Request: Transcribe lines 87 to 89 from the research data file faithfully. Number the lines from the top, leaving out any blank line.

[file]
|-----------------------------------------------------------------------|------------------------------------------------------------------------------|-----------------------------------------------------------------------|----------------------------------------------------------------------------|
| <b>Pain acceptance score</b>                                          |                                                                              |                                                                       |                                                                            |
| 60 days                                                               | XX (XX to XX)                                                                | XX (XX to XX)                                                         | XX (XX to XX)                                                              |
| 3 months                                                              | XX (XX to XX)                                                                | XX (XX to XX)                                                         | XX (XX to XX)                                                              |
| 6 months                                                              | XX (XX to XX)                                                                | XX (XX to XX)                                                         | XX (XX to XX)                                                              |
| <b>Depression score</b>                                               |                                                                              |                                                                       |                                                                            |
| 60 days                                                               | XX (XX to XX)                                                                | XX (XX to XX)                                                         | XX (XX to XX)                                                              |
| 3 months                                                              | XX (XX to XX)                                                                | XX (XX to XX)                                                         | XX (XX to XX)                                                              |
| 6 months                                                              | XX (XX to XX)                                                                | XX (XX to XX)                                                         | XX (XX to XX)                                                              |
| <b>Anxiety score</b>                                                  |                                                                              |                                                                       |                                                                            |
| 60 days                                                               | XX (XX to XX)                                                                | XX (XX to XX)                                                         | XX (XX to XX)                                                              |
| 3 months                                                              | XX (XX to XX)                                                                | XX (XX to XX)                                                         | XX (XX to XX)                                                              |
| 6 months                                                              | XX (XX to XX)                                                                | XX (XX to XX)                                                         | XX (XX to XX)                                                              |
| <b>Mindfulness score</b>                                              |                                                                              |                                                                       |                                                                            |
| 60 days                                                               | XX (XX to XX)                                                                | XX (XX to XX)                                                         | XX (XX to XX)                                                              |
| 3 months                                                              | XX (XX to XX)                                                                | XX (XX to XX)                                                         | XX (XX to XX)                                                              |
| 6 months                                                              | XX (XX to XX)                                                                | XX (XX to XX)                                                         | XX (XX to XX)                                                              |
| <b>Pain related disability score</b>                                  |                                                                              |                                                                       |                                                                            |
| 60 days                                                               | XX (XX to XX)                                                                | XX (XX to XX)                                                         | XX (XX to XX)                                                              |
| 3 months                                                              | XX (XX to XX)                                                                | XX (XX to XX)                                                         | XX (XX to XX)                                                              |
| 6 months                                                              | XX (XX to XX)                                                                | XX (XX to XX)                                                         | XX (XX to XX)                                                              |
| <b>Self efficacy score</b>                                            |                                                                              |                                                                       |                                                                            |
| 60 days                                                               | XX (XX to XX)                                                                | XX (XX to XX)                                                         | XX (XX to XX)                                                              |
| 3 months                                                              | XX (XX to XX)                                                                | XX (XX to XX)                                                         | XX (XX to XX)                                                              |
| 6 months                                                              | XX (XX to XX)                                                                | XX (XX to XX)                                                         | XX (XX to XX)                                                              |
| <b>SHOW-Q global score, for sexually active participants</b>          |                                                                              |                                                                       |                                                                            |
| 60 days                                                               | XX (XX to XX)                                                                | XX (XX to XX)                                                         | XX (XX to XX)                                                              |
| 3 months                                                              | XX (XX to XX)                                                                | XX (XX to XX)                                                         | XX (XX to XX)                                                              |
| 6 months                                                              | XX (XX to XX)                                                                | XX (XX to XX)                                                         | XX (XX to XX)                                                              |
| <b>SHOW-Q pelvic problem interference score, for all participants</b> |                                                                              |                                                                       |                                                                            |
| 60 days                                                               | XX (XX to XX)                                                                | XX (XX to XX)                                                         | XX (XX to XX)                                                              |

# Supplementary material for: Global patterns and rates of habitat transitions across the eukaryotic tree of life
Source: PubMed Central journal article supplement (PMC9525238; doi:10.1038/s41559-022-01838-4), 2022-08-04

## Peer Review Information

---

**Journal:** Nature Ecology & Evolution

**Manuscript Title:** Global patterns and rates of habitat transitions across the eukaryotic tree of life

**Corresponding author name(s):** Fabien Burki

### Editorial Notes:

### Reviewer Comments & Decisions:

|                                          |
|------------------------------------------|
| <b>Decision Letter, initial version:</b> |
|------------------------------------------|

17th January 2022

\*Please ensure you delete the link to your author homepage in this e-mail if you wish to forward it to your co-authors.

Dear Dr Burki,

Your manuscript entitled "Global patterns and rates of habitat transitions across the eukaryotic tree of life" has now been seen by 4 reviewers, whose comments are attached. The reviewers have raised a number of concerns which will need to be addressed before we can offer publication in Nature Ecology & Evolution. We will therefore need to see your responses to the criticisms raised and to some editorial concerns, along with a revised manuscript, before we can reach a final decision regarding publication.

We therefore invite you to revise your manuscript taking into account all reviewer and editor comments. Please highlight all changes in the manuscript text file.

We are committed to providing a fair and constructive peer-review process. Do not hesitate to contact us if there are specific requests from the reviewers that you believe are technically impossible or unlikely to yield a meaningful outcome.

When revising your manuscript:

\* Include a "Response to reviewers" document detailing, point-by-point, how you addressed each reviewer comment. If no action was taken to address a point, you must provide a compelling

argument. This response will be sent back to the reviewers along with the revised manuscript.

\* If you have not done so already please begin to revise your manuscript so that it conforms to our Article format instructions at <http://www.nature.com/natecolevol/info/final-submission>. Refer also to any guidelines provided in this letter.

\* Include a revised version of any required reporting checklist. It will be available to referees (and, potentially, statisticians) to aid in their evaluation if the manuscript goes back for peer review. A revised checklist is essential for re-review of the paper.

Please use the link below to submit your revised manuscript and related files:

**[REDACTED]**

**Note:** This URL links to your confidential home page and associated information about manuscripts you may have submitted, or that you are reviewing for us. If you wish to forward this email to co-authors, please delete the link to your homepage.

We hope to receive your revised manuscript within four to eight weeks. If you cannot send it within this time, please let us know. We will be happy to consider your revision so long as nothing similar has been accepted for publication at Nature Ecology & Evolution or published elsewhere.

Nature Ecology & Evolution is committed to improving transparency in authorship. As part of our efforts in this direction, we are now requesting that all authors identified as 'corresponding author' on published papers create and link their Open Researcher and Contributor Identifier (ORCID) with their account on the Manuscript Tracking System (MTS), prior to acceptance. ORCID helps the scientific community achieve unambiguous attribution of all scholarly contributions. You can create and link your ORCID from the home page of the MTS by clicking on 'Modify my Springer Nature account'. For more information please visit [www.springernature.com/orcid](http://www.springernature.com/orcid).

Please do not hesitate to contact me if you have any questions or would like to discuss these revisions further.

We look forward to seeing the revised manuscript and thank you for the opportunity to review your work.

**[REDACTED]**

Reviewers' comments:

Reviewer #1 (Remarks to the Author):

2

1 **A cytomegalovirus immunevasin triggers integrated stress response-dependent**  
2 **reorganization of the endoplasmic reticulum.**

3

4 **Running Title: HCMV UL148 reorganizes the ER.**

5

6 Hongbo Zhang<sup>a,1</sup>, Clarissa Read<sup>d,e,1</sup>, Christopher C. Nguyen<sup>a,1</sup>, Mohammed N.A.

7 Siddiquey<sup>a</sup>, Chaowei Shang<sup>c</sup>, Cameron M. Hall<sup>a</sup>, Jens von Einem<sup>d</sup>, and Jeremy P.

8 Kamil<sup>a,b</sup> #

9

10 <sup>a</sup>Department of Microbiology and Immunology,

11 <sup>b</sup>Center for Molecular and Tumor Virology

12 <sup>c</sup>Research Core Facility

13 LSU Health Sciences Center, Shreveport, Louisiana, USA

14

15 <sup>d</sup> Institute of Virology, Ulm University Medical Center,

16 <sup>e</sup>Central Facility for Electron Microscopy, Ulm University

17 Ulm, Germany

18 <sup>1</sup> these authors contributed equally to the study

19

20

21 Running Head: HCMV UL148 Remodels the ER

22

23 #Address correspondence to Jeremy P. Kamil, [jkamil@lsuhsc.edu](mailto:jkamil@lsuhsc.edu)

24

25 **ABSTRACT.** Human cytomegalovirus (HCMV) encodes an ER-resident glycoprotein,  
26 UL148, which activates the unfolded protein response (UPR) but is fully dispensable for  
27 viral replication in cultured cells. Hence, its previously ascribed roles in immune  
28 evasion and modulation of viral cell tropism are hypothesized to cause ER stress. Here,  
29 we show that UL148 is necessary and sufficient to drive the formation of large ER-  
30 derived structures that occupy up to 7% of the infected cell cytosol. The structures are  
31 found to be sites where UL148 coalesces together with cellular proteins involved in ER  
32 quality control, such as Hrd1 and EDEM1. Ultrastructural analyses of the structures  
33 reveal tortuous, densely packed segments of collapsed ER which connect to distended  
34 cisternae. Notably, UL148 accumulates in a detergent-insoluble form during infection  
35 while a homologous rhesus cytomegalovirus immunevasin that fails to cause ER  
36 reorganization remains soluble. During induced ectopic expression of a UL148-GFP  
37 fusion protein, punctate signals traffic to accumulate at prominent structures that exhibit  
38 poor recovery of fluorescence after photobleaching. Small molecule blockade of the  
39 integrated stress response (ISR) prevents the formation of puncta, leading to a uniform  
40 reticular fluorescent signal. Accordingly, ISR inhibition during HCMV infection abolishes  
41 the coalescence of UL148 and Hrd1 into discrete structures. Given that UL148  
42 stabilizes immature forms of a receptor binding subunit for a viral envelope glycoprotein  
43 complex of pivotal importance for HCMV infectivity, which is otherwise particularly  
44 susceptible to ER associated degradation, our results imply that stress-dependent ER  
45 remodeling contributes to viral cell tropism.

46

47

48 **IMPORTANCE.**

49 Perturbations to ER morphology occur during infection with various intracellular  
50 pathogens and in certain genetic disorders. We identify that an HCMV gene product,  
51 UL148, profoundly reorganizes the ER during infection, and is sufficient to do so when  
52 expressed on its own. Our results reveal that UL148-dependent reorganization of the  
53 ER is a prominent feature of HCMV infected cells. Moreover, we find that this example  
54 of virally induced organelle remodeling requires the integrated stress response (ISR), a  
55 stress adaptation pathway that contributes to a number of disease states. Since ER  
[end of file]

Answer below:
21 Running Head: HCMV UL148 Remodels the ER

22

23 #Address correspondence to Jeremy P. Kamil, [jkamil@lsuhsc.edu](mailto:jkamil@lsuhsc.edu)